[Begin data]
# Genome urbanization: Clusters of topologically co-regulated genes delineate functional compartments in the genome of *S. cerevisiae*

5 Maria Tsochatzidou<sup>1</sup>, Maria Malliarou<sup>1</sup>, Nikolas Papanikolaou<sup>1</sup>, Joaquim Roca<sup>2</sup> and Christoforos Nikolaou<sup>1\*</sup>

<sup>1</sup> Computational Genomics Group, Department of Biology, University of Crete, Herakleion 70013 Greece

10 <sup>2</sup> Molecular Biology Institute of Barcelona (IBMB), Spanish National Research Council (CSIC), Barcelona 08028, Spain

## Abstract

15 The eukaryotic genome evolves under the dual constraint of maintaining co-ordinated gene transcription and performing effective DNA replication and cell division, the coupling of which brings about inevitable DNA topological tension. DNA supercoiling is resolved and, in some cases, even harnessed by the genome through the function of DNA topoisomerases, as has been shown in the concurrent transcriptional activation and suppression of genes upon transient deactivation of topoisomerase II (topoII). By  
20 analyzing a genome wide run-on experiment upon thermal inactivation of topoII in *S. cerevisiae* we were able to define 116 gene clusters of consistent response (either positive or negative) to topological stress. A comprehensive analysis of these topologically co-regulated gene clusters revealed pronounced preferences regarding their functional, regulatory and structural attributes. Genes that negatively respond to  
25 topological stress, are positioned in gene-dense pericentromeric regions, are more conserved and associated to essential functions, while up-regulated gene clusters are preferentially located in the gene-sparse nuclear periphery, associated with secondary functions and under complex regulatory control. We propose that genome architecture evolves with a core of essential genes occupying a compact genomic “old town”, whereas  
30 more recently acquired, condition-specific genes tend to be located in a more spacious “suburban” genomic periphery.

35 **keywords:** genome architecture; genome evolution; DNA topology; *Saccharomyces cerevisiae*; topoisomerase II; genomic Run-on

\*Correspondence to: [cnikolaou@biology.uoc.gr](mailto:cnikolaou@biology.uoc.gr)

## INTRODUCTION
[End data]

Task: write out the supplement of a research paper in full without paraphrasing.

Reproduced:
# Genome urbanization: Clusters of topologically co-regulated genes delineate functional compartments in the genome of *S. cerevisiae*

5 Maria Tsochatzidou<sup>1</sup>, Maria Malliarou<sup>1</sup>, Nikolas Papanikolaou<sup>1</sup>, Joaquim Roca<sup>2</sup> and Christoforos Nikolaou<sup>1\*</sup>

<sup>1</sup> Computational Genomics Group, Department of Biology, University of Crete, Herakleion 70013 Greece

10 <sup>2</sup> Molecular Biology Institute of Barcelona (IBMB), Spanish National Research Council (CSIC), Barcelona 08028, Spain

## Abstract

15 The eukaryotic genome evolves under the dual constraint of maintaining co-ordinated gene transcription and performing effective DNA replication and cell division, the coupling of which brings about inevitable DNA topological tension. DNA supercoiling is resolved and, in some cases, even harnessed by the genome through the function of DNA topoisomerases, as has been shown in the concurrent transcriptional activation and suppression of genes upon transient deactivation of topoisomerase II (topoII). By  
20 analyzing a genome wide run-on experiment upon thermal inactivation of topoII in *S. cerevisiae* we were able to define 116 gene clusters of consistent response (either positive or negative) to topological stress. A comprehensive analysis of these topologically co-regulated gene clusters revealed pronounced preferences regarding their functional, regulatory and structural attributes. Genes that negatively respond to  
25 topological stress, are positioned in gene-dense pericentromeric regions, are more conserved and associated to essential functions, while up-regulated gene clusters are preferentially located in the gene-sparse nuclear periphery, associated with secondary functions and under complex regulatory control. We propose that genome architecture evolves with a core of essential genes occupying a compact genomic “old town”, whereas  
30 more recently acquired, condition-specific genes tend to be located in a more spacious “suburban” genomic periphery.

35 **keywords:** genome architecture; genome evolution; DNA topology; *Saccharomyces cerevisiae*; topoisomerase II; genomic Run-on

\*Correspondence to: [cnikolaou@biology.uoc.gr](mailto:cnikolaou@biology.uoc.gr)

## INTRODUCTION